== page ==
>> JOSEPH TABONE: John, thank you for that excellent presentation, we have two short contributions now to add to the main contributions, the first Brenton Thomas, Assistant Secretary of the Spectrum and Wireless Services Branch of the Australian Government Department of Broadband, Communications and the Digital Economy. I'm sure the title is nearly as long as the contribution, Brenton?
>> BRENTON THOMAS: It certainly is. The Communications Department is how we tend to talk about it. Like many we have a multi facetted approach, we involve teachers, the industries, parents, and most importantly the children and the youth themselves. As a number of speakers said and in particular Sandra and John and Freda as well have indicated this really needs a legislative underpin and go that's very, very important that you get your legislation right and work hard on that legislation and you are willing to evolve and update that legislation as you need it.
We've had in Australia a strong legislative base through the criminal code since 2004 which prohibits access and transmission and solicitation of child pornography over the internet. We are constantly updating that, we need to constantly update that for the changes that occur in the way in which this material is presented and transmitted.
Then in addition to that, we, for example, earlier this year increased the penalties for involvement from 10 years to 15 years in jail and these sorts of issues are constantly under review. As I mentioned, it's in addition to the legislation there is a number of outreach and supporting mechanisms that need to be put in place to make this an effective response. We've provided funding to our Australian Federal Police Child Protection Operations team, they go out and investigating any online child sex exploitation and to back that up we've given funding to our Commonwealth public prosecutors and others, and in this way we're able to identify and act quickly on any inappropriate behavior. We've also got into the education process through what we call Cyber Smart in Australia and we've asked our Australia Communications And Media Authority to go out and establish web sites, to talk to teachers, to take material out and provide up to date information to families and promote the issue of the importance of protection online for children. We've put in place an online help line service which I think John referred to which is a quick and easy way for children to report any incidents that occur or cause certain. We are as a number of you would also be aware looking at the issue through the government of an ISP filtering arrangement, and it has drawn considerable criticism but the government continues to look at this issue and the point that I would make is we are having the support of ISPs in providing this service, a number of ISPs appreciate the problem, want to react responsibly and they want to be involved in this process. It has a degree of political opposition because of issues to do with the potential impact on the quality of service of the internet but it's something which the government is keen to take forward.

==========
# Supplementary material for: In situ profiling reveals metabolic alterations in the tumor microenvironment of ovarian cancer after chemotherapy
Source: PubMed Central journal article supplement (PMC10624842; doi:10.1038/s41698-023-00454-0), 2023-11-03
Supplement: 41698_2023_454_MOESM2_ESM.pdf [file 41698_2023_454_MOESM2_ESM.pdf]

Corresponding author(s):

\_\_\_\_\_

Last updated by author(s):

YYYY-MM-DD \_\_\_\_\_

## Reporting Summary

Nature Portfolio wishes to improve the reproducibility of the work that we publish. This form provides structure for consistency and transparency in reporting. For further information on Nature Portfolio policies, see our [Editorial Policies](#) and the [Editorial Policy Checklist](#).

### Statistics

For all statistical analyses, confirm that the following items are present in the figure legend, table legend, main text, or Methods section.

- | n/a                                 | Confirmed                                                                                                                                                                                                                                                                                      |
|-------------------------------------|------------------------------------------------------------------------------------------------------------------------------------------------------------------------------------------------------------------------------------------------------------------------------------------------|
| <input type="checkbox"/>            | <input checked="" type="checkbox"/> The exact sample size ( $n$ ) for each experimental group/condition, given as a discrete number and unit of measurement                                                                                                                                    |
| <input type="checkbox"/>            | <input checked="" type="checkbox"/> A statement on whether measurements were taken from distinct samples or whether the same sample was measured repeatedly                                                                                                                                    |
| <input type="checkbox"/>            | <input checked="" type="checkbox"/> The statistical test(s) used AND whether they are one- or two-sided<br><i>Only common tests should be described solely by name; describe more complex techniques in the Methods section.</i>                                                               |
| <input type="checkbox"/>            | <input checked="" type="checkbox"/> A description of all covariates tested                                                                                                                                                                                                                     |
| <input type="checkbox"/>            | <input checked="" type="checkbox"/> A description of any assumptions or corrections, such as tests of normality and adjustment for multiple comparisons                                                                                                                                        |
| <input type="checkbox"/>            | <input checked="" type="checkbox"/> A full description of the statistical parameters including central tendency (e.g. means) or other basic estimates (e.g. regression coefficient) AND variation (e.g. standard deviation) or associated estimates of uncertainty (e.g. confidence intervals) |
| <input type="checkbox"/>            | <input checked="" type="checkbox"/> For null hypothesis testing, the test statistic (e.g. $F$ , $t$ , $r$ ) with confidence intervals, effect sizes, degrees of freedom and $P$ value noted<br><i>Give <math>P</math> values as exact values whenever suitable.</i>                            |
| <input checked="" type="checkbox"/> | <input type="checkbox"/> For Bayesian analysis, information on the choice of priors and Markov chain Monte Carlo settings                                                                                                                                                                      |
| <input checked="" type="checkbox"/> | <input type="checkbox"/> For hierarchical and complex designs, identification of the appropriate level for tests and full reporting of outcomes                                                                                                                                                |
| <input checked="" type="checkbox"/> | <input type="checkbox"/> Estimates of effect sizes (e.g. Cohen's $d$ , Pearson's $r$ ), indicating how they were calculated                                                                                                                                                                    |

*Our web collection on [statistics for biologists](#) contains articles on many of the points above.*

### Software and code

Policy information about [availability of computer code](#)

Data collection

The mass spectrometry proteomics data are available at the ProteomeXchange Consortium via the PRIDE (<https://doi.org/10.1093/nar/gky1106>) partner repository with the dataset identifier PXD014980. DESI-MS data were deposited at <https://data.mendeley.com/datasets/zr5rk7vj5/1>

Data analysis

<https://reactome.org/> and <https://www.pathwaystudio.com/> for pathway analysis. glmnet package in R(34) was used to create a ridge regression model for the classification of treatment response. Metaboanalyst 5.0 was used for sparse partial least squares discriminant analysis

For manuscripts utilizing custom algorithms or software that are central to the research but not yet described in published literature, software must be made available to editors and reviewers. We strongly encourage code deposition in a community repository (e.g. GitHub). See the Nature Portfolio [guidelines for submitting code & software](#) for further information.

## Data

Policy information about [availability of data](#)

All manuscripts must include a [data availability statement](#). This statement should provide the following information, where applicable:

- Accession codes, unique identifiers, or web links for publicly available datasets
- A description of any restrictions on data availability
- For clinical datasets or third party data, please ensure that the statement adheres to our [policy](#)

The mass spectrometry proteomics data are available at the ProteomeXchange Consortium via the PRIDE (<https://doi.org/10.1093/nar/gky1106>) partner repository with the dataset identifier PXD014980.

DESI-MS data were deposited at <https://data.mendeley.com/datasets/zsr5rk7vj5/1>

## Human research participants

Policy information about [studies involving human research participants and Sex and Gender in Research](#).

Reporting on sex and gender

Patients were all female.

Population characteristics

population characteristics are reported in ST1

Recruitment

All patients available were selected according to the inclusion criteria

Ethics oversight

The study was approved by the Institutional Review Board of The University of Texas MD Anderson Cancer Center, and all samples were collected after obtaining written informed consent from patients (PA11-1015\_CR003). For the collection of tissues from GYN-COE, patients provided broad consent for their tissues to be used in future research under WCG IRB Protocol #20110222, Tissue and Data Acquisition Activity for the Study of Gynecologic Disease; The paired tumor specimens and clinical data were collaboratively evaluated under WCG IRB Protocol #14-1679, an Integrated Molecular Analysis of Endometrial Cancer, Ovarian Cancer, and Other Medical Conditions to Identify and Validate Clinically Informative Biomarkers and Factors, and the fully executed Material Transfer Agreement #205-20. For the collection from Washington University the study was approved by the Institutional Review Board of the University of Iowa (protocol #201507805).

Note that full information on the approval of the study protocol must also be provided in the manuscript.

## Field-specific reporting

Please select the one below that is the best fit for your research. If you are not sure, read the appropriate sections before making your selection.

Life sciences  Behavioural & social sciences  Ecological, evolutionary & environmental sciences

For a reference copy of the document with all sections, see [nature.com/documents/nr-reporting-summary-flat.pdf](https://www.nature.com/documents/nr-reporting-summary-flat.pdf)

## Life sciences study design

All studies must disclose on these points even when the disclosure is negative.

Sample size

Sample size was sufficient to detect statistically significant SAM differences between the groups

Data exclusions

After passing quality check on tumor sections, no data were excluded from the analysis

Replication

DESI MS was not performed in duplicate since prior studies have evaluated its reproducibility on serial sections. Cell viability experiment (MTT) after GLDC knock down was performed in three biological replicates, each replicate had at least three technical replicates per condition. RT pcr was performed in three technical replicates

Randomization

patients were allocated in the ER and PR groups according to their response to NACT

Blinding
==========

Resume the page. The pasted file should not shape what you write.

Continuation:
We're also working in consulting counsels and working groups which include a youth advisory group, we've put together a youth advisory group recognizing that older people of my generation perhaps really don't understand the way in which the youth is using the internet in this way and I think that's true in terms of the use my daughters are making of it and I can concur with those of you who have children using Facebook! Finally we are working within our region through programs in our area and it is clear and obvious that these problems don't stop at national borders, to get a global response on this is vital and certainly we're taking our experience into our region and would be happy to share it with others including obviously this forum today. Finally my comment is picks up on something John said, Australia as you're probably aware is going through a massive upgrade in our communications system. We have plans for a $40 billion national broad band network and we recognize that in providing that and also the mobile coverage that will be associated with it in addition to the fixed line that the potential exists for significant growth in online abuse activities. So what we need to do within Australia is increase our efforts not be comfortable about where we are but increase the efforts to take this approach forward and that's certainly what the government intend to do. I think all the associations that are connected with us. Thank you.